Tire Pressure

Every vehicle owner can most likely benefit from owning a handheld gauge to check the tire pressure as the use of these small tools can prevent a tire from becoming flat or blowing out entirely. If a tire is not inflated to the correct level, it can blowout while on the road which could cause an accident, or it may leave the driver stranded alone on a desolate road. Driving with the incorrect inflation level could also negatively impact fuel efficiency. A tire manufacturer and/or the vehicle owner’s manual will have guidelines for the correct tire pressure.

Power Steering Fluid

Vehicles that do not have power steering are difficult to drive, which is why it is imperative to monitor the level of this fluid to keep the ride smooth. A car could become much more challenging to control if the car’s power steering terminates, and low power steering fluid levels are typically first noticeable when a creaking noise or other odd sound occurs around the area of the steering wheel.

The level of the fluid can be usually be checked without a mechanic, so it should become a regular step in your vehicle maintenance schedule as a periodic flush of the old fluid can be beneficial for a vehicle. As it is not typical for fluid to leak, vehicles that do have low power steering fluid levels should see a mechanic.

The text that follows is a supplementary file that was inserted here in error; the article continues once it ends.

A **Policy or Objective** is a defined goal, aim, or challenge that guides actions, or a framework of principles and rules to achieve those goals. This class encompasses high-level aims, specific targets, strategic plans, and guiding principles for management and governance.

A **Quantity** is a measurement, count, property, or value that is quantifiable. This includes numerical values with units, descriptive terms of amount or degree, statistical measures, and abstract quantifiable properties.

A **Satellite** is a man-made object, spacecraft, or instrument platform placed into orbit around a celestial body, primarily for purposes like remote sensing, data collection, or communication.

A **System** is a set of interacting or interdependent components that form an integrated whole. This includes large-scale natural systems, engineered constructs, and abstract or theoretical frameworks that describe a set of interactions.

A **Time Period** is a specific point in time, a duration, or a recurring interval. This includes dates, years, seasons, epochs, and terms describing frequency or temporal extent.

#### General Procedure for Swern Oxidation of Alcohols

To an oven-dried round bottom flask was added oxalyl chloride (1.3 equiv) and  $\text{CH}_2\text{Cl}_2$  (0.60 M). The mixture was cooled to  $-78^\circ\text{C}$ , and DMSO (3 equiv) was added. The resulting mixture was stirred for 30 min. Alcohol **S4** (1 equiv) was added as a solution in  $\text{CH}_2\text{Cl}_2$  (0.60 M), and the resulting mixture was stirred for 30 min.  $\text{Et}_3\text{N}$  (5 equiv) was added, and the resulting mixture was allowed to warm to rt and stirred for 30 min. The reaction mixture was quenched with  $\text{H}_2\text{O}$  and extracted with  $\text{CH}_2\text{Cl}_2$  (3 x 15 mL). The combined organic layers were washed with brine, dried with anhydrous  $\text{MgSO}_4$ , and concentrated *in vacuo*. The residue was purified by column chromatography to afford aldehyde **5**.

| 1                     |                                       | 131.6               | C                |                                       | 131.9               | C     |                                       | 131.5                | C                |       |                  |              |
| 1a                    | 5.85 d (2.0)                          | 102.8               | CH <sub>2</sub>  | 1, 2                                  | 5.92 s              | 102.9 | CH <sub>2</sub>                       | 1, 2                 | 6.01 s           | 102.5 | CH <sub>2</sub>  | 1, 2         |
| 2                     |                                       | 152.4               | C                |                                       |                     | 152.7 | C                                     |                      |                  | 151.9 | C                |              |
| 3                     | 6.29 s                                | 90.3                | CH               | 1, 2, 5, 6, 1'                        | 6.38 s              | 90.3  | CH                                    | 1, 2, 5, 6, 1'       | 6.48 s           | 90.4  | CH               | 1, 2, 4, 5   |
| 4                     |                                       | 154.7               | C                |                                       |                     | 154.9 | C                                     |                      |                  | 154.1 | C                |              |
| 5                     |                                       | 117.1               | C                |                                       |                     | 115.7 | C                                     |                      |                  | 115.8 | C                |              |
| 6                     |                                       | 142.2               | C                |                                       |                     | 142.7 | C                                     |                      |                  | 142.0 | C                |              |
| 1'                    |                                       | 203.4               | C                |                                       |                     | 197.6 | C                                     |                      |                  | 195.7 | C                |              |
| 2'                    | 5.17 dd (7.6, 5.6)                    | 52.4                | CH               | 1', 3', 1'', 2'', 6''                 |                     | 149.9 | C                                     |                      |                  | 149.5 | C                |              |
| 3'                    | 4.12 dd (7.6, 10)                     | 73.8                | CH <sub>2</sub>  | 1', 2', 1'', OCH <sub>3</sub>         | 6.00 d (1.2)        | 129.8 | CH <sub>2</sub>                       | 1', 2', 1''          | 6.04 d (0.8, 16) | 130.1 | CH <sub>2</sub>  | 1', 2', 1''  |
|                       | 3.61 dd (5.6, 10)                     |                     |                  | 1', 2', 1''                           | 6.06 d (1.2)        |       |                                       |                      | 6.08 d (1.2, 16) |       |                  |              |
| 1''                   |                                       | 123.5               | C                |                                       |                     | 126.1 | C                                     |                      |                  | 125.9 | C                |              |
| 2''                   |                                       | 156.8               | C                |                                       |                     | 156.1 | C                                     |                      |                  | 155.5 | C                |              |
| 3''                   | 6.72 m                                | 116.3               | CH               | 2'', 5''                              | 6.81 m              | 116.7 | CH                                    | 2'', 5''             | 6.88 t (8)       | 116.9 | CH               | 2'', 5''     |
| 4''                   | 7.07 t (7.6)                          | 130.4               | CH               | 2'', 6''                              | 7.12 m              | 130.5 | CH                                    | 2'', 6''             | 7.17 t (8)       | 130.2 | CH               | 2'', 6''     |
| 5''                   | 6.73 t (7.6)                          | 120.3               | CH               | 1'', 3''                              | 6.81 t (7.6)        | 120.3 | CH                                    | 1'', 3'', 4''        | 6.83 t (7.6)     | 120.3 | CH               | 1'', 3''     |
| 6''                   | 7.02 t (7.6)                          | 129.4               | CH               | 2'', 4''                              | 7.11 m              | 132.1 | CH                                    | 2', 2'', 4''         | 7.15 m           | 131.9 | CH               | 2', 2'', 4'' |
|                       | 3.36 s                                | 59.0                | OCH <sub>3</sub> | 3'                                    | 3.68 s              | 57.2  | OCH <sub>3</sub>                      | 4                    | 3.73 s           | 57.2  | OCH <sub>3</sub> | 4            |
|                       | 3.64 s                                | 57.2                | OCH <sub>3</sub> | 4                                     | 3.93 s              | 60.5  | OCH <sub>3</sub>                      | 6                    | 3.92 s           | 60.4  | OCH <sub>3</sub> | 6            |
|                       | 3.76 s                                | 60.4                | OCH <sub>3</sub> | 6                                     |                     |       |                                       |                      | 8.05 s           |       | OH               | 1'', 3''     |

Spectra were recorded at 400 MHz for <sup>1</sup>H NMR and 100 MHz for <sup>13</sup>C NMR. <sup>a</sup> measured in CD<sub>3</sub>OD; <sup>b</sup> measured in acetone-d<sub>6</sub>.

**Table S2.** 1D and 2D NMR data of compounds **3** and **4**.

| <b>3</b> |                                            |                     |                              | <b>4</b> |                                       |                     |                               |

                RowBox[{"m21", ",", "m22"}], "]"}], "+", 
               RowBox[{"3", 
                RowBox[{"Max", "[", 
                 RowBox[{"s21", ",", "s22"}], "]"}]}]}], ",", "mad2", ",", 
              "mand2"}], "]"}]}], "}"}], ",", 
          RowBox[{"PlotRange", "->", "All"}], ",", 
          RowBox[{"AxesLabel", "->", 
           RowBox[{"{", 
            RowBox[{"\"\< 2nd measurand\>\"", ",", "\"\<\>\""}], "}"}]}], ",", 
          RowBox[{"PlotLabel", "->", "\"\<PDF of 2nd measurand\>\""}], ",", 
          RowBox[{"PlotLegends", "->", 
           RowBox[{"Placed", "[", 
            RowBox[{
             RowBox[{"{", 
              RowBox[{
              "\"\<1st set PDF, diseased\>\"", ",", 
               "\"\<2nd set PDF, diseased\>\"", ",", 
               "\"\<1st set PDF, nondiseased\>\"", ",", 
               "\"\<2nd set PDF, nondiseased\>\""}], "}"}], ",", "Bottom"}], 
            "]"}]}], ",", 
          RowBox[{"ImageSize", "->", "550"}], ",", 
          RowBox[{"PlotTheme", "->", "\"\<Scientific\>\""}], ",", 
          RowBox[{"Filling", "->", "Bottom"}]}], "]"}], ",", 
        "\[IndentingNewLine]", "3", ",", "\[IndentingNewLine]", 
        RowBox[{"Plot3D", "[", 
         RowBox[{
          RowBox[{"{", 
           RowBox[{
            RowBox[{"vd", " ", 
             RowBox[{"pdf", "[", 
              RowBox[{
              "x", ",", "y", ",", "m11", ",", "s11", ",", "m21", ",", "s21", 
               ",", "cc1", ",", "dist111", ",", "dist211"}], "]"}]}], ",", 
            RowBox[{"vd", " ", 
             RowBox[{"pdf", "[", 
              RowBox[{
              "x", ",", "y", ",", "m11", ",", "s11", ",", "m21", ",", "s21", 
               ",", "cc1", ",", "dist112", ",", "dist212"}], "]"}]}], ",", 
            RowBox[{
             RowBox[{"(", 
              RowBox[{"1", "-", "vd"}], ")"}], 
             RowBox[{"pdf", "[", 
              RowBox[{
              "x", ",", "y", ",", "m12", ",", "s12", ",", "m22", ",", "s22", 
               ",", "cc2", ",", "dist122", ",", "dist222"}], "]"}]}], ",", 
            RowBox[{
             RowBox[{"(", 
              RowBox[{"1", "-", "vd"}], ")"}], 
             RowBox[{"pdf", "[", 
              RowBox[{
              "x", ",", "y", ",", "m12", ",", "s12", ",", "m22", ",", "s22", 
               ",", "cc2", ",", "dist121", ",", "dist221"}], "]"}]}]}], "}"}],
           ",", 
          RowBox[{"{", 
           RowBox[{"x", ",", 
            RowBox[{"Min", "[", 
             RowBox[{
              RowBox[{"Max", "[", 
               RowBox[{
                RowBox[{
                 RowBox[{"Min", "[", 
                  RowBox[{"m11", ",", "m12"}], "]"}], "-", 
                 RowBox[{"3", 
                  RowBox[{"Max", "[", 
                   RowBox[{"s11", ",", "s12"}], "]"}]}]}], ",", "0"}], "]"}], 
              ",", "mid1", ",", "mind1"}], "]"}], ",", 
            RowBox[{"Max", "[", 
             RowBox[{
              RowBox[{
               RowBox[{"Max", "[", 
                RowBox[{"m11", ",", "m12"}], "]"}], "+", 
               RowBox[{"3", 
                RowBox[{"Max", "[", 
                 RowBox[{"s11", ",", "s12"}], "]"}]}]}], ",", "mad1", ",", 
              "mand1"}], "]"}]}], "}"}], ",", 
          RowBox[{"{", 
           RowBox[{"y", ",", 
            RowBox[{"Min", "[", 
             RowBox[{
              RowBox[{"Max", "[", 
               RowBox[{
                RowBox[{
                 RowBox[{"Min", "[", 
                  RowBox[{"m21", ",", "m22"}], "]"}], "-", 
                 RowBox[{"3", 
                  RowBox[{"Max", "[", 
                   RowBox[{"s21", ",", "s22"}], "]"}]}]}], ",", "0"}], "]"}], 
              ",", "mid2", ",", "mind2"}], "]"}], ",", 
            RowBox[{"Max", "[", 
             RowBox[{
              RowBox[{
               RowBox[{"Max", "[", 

Brakes

Brakes are the most crucial safety aspect of any car. While drivers can usually figure out that their brakes may not be in the best condition by listening for a screeching noise, it is better to regularly have the brakes monitored by a professional. Brakes should never be taken for granted, as they are essential in avoiding an accident to stop the car when needed.

If brakes are not monitored regularly, additional repair expenses will likely be faced, specifically regarding brake discs. However, brakes do not have to fail entirely to make an accident take place. Choosing not to have brakes checked periodically can cause them to be more hazardous as the distance to stop increase slowly.